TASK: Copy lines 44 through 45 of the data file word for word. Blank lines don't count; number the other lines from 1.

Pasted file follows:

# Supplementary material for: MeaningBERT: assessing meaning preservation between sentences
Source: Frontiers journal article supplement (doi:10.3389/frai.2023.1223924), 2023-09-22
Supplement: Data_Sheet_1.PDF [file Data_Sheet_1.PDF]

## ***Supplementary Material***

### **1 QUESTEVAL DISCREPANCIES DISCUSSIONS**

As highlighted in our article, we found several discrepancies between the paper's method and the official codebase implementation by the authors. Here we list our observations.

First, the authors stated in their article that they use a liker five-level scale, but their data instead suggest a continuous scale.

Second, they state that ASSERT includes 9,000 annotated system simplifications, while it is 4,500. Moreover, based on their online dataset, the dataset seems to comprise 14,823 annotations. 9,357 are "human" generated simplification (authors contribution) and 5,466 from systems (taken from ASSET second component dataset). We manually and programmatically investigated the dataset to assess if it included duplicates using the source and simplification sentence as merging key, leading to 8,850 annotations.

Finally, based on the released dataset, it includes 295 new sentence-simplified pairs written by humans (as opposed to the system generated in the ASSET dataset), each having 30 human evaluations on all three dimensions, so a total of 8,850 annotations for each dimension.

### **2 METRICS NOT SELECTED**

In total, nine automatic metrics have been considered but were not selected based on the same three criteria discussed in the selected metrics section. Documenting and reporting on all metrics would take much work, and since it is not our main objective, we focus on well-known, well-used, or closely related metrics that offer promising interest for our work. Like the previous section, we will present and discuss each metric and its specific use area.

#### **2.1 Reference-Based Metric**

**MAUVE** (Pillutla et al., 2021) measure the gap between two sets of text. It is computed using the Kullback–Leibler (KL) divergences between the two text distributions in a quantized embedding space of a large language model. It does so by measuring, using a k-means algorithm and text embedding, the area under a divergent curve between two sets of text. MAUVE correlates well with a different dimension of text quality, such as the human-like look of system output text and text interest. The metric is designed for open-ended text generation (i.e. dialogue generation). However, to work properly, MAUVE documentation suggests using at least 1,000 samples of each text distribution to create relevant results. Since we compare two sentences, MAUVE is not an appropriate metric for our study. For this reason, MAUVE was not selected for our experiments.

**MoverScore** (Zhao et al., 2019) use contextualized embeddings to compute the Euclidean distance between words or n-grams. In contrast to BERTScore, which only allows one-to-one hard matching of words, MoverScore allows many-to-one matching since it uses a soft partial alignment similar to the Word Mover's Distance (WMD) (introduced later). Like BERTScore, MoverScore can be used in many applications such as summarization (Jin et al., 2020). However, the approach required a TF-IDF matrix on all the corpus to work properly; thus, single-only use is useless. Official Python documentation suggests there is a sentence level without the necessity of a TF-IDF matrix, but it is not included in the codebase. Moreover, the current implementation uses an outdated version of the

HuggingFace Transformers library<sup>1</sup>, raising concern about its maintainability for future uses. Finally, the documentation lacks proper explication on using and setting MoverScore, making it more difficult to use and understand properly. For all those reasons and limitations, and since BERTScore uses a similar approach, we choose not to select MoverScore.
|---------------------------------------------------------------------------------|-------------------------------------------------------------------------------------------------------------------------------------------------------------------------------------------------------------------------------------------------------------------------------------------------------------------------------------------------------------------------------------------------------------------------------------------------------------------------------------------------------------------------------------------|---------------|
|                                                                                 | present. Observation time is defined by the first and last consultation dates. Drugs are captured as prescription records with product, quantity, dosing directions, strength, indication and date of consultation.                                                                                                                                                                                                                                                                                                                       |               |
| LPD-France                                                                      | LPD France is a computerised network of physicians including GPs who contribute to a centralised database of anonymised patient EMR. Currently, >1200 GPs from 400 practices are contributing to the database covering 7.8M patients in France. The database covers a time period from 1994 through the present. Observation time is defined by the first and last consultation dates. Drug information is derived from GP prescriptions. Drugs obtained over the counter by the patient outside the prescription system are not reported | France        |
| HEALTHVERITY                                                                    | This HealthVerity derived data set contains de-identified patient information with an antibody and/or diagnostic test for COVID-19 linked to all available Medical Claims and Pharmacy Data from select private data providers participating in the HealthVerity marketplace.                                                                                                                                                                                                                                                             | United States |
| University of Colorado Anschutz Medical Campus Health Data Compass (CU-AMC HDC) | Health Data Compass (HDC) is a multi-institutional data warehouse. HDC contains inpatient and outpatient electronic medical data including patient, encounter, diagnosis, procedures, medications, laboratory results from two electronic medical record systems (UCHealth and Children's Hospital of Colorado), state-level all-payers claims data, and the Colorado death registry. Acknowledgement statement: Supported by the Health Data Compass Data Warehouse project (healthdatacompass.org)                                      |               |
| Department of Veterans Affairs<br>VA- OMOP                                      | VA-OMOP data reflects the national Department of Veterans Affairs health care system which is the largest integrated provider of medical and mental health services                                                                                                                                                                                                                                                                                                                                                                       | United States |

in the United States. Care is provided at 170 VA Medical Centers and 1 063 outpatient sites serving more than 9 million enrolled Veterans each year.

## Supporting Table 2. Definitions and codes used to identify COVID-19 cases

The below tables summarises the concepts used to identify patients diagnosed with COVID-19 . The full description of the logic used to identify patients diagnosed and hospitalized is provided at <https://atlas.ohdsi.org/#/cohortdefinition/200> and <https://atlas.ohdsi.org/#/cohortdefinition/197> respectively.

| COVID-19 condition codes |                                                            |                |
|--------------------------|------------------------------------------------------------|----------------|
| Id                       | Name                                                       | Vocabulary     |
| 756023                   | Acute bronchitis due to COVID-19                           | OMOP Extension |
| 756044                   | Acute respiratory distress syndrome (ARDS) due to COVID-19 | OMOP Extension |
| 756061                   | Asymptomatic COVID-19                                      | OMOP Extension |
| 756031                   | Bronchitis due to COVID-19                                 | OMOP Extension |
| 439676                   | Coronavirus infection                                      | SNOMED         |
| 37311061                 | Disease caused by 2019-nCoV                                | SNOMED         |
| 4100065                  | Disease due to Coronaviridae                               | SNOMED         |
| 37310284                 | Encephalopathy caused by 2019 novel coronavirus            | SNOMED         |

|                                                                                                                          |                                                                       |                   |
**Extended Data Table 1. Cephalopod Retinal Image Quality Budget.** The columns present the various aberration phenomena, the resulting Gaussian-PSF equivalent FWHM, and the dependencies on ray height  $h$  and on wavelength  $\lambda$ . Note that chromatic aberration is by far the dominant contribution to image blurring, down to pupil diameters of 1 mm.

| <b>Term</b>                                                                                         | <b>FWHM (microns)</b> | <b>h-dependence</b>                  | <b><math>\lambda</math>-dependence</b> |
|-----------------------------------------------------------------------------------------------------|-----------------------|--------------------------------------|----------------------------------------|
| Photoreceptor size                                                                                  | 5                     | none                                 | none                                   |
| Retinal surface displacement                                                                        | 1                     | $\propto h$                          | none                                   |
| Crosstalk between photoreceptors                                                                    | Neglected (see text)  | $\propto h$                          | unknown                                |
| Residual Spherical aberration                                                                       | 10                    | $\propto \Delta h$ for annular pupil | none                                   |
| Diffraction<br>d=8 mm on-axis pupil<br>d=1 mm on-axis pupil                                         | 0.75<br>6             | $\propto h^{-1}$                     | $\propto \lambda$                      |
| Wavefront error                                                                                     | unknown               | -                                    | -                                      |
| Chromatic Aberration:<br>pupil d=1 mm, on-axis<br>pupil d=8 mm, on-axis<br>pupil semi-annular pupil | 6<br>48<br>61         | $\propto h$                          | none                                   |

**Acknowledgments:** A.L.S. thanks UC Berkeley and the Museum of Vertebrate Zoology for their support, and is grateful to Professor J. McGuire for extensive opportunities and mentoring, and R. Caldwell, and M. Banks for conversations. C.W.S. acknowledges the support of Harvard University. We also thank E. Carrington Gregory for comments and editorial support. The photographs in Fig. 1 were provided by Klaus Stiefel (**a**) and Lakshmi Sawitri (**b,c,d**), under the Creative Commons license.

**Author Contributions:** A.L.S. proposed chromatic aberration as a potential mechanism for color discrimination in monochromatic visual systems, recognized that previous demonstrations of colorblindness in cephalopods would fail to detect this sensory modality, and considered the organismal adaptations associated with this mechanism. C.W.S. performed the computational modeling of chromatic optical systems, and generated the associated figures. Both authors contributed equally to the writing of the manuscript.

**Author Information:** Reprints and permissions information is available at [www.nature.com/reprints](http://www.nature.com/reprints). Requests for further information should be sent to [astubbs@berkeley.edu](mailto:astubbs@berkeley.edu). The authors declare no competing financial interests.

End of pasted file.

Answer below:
| Diffraction<br>d=8 mm on-axis pupil<br>d=1 mm on-axis pupil                                         | 0.75<br>6             | $\propto h^{-1}$                     | $\propto \lambda$                      |
| Wavefront error                                                                                     | unknown               | -                                    | -                                      |